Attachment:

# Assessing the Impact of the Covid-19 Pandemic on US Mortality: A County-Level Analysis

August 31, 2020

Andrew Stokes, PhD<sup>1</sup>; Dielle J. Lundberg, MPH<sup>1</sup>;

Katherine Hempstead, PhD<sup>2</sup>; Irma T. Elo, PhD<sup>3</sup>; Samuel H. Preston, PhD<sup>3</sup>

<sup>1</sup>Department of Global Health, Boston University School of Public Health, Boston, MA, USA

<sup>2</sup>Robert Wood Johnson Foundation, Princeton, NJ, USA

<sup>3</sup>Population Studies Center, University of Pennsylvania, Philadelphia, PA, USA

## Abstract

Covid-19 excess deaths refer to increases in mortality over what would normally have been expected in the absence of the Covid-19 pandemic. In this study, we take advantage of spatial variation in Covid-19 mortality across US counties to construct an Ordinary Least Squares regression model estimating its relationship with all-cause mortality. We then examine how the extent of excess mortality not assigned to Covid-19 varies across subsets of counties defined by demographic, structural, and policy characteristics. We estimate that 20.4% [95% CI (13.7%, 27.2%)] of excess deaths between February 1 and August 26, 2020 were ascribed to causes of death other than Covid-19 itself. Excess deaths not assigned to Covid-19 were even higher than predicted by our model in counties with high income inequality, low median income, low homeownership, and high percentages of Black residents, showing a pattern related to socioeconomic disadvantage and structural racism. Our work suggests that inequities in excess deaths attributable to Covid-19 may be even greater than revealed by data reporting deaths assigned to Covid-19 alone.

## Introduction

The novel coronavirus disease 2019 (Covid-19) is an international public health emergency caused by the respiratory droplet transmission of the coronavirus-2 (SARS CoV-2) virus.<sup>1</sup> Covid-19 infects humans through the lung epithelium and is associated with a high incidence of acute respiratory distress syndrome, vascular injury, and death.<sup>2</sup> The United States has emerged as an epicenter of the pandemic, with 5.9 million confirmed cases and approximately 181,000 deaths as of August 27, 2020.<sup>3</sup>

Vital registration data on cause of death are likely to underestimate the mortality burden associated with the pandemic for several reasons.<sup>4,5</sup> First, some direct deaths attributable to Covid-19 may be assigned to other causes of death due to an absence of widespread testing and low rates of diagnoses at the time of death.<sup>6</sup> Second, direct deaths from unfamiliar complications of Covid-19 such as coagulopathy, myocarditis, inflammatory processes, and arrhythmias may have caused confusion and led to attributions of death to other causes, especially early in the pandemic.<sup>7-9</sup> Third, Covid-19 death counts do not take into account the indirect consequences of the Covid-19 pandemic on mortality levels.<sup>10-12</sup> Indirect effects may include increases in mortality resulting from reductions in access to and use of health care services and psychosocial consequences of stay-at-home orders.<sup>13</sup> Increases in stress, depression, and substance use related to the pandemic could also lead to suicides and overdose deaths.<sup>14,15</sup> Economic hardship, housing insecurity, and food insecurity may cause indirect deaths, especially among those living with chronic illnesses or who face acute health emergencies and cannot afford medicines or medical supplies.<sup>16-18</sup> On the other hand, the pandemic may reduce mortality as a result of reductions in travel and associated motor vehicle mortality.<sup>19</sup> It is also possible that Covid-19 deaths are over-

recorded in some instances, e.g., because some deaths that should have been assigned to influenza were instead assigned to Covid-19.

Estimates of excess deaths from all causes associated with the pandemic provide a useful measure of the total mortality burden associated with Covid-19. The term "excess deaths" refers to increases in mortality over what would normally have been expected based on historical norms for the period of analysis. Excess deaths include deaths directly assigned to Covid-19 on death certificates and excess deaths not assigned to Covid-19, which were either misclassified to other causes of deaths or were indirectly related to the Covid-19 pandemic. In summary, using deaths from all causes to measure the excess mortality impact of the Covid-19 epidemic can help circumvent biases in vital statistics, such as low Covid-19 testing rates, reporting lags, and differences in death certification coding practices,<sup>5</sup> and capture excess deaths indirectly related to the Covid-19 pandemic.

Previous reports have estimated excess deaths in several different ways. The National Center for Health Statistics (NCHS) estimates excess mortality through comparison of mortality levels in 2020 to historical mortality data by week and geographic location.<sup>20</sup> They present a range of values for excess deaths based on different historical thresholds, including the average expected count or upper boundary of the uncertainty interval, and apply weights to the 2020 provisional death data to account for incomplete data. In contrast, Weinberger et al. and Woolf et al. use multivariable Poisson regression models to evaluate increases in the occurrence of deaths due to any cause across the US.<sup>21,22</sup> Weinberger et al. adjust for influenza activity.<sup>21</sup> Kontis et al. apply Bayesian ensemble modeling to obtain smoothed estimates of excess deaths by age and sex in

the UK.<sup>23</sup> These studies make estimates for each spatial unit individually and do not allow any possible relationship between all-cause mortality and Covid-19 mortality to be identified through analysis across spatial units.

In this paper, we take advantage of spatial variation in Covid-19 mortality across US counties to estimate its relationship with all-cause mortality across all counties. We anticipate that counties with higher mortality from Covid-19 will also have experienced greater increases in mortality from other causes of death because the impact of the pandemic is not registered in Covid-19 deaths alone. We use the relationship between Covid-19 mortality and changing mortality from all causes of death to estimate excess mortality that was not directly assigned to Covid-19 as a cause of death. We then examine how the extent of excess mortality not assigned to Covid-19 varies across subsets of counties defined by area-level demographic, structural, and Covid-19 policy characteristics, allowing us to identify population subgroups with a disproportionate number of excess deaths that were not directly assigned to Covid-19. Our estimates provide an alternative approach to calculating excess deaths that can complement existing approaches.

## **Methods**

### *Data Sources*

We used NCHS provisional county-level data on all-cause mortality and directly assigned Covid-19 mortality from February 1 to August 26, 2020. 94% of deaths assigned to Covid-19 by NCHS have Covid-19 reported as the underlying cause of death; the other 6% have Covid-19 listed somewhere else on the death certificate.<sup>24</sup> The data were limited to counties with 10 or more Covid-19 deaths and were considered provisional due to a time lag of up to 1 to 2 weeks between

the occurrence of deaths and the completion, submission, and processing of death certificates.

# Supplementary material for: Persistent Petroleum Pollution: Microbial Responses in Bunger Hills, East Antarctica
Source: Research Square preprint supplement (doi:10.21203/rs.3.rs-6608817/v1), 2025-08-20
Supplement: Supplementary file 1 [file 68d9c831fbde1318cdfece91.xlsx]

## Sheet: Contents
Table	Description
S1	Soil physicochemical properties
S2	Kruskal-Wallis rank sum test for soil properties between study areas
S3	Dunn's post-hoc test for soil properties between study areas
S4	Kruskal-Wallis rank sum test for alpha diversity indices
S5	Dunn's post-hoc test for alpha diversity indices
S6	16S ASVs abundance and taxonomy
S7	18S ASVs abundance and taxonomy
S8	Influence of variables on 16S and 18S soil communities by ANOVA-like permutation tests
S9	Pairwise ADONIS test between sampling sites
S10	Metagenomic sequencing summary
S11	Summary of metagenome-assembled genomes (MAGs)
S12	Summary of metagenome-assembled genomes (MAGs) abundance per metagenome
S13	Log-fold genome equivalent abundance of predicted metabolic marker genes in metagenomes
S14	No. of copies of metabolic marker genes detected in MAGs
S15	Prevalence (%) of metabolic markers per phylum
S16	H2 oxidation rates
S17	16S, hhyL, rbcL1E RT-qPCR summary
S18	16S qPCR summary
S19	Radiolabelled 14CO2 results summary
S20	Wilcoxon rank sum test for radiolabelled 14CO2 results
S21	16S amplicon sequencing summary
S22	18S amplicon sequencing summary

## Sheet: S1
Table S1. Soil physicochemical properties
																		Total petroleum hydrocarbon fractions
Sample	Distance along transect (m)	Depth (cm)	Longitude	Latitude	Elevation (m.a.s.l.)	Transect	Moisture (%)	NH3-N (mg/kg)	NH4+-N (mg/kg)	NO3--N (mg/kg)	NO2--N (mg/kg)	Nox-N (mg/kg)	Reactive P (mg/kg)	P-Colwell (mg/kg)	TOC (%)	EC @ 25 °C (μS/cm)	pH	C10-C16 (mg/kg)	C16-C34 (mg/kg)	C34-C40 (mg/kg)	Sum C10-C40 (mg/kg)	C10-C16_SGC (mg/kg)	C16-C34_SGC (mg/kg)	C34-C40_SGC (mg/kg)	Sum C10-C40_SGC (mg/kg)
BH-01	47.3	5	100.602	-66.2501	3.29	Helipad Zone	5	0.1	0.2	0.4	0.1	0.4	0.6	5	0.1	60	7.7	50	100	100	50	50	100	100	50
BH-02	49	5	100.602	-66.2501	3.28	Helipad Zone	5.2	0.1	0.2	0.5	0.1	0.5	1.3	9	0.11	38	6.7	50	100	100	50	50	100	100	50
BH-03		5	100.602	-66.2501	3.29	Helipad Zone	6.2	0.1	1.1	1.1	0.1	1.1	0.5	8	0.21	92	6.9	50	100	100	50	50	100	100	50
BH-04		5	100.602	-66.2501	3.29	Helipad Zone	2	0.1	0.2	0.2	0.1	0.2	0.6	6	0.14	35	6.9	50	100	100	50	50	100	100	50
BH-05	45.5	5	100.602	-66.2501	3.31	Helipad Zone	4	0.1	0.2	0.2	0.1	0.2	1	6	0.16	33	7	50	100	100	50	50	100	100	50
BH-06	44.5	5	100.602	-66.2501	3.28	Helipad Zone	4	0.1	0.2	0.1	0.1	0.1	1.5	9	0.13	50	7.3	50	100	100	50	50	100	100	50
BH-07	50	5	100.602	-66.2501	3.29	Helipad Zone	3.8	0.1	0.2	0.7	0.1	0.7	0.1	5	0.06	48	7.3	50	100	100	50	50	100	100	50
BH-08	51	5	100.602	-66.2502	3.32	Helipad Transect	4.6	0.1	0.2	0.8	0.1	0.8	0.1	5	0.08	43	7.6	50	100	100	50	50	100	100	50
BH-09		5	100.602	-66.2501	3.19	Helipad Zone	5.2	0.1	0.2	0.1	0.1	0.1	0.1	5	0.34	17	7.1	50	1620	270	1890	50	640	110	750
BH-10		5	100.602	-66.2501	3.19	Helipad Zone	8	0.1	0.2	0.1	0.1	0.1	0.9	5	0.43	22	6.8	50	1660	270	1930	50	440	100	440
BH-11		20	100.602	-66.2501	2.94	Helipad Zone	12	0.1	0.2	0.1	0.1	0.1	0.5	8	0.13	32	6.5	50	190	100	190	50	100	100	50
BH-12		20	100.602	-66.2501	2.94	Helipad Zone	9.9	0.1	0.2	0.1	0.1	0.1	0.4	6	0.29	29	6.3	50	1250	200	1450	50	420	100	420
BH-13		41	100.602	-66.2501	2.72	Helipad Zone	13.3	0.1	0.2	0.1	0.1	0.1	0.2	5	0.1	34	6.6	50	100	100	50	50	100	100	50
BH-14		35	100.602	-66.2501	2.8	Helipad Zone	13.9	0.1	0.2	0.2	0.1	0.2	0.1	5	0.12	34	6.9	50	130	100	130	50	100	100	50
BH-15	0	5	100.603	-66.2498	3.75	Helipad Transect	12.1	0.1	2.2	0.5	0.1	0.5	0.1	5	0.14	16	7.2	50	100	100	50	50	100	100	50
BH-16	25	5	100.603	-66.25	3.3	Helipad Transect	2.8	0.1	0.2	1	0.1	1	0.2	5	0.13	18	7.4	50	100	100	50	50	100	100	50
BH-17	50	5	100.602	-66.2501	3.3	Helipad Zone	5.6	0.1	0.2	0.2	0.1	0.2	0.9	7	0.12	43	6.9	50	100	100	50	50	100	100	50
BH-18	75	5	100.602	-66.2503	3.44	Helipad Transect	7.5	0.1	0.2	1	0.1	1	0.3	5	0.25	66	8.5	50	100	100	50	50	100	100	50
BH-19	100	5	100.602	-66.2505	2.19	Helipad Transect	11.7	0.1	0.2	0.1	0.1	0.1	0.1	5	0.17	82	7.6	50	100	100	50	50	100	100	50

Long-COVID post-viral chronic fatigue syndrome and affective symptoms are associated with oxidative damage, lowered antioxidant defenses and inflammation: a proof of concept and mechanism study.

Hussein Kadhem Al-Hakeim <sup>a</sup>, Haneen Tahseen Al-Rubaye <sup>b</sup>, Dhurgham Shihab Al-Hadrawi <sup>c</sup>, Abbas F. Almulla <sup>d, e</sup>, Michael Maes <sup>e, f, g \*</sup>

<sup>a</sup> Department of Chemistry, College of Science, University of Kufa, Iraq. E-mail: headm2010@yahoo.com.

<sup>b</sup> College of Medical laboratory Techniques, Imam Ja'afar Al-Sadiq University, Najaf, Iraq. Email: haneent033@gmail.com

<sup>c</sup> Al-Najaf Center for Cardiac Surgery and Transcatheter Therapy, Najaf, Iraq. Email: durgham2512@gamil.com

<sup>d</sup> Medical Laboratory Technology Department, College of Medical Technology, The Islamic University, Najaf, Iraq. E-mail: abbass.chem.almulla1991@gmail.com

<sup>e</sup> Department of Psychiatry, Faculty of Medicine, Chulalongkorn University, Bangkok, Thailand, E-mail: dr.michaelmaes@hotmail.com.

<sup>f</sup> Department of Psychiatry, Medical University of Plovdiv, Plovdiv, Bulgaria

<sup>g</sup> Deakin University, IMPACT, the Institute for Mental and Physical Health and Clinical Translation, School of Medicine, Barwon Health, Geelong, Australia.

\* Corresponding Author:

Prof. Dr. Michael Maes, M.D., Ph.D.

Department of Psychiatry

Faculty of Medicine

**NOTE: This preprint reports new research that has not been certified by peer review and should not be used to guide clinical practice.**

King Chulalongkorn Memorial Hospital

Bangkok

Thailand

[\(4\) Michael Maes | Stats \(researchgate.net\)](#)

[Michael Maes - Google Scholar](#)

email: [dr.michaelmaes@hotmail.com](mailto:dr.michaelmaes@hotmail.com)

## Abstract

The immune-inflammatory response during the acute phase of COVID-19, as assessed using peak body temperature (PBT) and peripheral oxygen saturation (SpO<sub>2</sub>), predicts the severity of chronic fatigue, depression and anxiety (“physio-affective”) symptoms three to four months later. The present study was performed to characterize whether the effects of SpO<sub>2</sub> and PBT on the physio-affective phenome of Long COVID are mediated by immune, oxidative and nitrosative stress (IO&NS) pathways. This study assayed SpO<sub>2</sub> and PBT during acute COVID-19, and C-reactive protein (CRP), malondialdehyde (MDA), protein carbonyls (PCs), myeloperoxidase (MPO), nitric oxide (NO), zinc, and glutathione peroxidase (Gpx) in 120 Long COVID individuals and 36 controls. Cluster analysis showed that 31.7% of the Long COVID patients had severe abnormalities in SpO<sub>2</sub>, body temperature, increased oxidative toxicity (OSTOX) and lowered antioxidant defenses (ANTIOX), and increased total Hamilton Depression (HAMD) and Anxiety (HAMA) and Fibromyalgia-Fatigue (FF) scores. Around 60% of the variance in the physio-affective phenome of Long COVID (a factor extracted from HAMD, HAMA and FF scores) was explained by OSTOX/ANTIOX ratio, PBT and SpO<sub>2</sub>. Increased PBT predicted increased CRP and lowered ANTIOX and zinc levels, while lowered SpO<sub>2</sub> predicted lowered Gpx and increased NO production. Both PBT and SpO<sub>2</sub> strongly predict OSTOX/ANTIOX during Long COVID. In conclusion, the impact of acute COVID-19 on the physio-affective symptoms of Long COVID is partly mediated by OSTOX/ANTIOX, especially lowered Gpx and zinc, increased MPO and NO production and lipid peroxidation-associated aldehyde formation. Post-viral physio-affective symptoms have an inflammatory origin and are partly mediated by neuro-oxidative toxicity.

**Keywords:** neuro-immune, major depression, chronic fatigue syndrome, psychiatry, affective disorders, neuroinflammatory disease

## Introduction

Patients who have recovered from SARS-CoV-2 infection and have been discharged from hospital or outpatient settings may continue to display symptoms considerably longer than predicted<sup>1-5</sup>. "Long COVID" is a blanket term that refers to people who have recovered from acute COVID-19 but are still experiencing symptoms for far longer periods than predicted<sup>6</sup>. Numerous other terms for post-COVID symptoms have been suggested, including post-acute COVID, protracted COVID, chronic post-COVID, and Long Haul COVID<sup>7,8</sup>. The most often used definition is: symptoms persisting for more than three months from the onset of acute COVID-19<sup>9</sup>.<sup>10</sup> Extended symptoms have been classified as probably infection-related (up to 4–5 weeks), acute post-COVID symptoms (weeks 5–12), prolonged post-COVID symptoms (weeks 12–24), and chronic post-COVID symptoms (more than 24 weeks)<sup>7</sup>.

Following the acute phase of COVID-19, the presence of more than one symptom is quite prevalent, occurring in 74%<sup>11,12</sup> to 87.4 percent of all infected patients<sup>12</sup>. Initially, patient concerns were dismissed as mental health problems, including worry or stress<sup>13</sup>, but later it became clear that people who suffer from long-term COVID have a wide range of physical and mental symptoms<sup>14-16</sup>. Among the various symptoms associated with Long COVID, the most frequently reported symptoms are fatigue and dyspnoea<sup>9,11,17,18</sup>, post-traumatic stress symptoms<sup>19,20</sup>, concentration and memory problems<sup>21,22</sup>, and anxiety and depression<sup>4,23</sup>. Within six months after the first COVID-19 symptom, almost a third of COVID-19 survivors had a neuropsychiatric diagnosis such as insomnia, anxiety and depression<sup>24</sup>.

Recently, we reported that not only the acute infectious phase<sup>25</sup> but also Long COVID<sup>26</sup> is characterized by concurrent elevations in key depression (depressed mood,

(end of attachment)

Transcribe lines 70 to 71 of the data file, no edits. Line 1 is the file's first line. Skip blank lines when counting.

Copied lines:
BH-18	75	5	100.602	-66.2503	3.44	Helipad Transect	7.5	0.1	0.2	1	0.1	1	0.3	5	0.25	66	8.5	50	100	100	50	50	100	100	50
BH-19	100	5	100.602	-66.2505	2.19	Helipad Transect	11.7	0.1	0.2	0.1	0.1	0.1	0.1	5	0.17	82	7.6	50	100	100	50	50	100	100	50